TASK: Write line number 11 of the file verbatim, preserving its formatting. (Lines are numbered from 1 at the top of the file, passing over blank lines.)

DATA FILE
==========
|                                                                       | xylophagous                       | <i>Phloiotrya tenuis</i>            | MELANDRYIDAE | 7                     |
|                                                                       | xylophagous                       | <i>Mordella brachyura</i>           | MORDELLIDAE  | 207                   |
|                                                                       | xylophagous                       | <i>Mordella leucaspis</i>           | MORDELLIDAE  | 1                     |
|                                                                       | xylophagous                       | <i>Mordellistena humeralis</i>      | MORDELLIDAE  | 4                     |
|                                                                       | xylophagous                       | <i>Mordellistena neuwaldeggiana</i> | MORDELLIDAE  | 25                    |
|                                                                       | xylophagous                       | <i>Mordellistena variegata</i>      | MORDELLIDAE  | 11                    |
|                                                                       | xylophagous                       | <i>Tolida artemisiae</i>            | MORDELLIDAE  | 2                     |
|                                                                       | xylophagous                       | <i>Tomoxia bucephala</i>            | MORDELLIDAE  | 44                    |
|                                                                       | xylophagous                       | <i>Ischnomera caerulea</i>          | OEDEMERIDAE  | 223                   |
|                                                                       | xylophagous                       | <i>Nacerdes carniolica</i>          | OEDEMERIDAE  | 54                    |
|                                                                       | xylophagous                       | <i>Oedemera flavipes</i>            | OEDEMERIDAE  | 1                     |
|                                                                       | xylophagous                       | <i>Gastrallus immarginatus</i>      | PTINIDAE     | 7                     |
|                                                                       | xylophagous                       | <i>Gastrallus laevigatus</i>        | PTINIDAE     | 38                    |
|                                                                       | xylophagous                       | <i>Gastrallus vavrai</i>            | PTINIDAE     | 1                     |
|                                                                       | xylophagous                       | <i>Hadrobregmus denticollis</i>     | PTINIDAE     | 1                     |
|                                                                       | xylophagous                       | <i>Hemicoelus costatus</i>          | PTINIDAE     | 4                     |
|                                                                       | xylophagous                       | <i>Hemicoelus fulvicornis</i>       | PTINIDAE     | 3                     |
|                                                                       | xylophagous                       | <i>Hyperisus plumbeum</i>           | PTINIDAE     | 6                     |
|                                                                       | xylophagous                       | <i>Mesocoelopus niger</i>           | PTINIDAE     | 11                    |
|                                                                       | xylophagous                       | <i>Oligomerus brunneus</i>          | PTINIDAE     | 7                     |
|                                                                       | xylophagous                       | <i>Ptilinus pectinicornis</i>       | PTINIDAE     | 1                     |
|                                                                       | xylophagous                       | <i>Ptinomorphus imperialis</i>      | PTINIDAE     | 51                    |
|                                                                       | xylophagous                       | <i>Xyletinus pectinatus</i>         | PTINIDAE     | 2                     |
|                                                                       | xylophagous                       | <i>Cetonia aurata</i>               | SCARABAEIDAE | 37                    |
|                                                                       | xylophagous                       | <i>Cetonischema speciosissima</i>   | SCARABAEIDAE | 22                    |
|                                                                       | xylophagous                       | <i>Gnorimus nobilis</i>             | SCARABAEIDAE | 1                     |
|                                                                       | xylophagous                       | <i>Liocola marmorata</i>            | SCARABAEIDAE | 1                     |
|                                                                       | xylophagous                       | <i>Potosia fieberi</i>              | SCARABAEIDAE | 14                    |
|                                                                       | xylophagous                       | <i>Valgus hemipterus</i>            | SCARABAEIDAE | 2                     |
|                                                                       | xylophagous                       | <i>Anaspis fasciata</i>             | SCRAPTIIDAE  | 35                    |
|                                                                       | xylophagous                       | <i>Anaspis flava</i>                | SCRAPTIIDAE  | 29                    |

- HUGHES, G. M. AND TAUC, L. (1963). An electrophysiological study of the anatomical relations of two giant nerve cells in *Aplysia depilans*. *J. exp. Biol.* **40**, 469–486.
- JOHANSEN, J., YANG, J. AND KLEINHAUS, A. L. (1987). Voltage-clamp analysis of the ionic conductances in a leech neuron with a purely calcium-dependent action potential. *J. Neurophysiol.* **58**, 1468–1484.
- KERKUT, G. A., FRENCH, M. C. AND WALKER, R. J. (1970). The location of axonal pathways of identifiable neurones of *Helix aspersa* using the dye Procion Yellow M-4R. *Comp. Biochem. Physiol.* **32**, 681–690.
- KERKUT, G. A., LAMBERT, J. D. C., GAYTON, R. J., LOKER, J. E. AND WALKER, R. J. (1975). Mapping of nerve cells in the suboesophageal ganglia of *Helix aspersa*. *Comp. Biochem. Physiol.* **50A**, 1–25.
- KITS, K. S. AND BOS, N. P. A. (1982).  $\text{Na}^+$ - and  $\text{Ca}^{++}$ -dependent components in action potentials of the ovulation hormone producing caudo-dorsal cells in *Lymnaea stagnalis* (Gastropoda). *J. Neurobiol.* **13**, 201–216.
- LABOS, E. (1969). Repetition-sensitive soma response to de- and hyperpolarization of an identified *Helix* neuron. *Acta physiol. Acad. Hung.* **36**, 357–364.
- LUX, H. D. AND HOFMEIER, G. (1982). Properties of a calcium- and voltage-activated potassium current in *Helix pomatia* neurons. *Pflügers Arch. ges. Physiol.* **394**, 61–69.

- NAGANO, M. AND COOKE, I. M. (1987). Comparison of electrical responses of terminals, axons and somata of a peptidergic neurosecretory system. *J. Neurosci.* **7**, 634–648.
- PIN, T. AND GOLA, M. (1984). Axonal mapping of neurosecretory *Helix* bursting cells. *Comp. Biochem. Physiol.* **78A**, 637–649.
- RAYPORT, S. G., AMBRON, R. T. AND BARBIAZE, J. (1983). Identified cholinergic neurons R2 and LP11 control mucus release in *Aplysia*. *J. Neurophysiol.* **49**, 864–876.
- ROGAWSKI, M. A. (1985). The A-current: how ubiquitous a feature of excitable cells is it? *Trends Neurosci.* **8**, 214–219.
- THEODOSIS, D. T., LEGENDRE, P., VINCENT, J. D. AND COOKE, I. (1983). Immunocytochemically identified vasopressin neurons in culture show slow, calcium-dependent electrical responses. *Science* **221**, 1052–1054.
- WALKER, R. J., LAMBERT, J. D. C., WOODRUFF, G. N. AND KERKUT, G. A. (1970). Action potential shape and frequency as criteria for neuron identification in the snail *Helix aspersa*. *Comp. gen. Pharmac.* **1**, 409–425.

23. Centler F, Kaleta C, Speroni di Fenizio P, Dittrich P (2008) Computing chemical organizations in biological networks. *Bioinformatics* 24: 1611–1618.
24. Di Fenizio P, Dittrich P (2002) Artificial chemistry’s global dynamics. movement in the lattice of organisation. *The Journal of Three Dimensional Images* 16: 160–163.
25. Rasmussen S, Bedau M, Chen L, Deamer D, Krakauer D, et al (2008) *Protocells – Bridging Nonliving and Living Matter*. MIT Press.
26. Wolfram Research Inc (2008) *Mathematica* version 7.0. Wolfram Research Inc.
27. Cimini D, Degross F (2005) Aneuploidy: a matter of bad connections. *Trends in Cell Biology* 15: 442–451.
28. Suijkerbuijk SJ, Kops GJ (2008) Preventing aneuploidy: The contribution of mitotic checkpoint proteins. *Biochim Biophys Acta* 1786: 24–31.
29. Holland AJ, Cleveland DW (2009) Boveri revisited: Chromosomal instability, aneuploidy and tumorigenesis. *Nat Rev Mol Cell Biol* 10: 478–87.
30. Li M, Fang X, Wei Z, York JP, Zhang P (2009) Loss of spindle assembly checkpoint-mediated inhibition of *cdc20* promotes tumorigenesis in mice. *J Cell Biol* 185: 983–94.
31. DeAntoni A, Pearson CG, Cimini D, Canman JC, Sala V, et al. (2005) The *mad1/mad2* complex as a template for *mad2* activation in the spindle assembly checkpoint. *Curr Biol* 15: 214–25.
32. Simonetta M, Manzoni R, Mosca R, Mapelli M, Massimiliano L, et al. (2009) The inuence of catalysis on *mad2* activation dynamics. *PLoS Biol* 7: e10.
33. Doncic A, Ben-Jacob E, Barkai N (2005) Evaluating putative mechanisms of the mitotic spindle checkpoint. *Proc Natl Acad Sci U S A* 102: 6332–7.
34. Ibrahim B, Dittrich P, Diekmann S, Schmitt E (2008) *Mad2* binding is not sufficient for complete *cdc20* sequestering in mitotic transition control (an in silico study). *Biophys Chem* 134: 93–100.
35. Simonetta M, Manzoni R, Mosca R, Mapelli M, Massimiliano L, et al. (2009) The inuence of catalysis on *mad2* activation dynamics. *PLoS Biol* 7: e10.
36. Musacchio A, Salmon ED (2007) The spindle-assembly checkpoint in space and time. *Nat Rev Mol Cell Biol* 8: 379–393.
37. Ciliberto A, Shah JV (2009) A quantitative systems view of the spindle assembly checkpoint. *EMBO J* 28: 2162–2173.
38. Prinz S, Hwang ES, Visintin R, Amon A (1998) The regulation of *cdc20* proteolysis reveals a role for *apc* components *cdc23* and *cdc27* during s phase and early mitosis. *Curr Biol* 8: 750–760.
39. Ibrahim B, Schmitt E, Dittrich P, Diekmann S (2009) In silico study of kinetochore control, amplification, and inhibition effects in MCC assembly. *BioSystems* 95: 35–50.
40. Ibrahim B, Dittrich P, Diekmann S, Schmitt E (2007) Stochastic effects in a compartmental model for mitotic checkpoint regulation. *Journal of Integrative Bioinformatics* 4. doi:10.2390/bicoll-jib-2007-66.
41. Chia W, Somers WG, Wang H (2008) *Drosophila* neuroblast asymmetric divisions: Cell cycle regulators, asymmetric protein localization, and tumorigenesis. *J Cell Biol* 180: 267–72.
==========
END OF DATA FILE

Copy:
|                                                                       | xylophagous                       | <i>Oedemera flavipes</i>            | OEDEMERIDAE  | 1                     |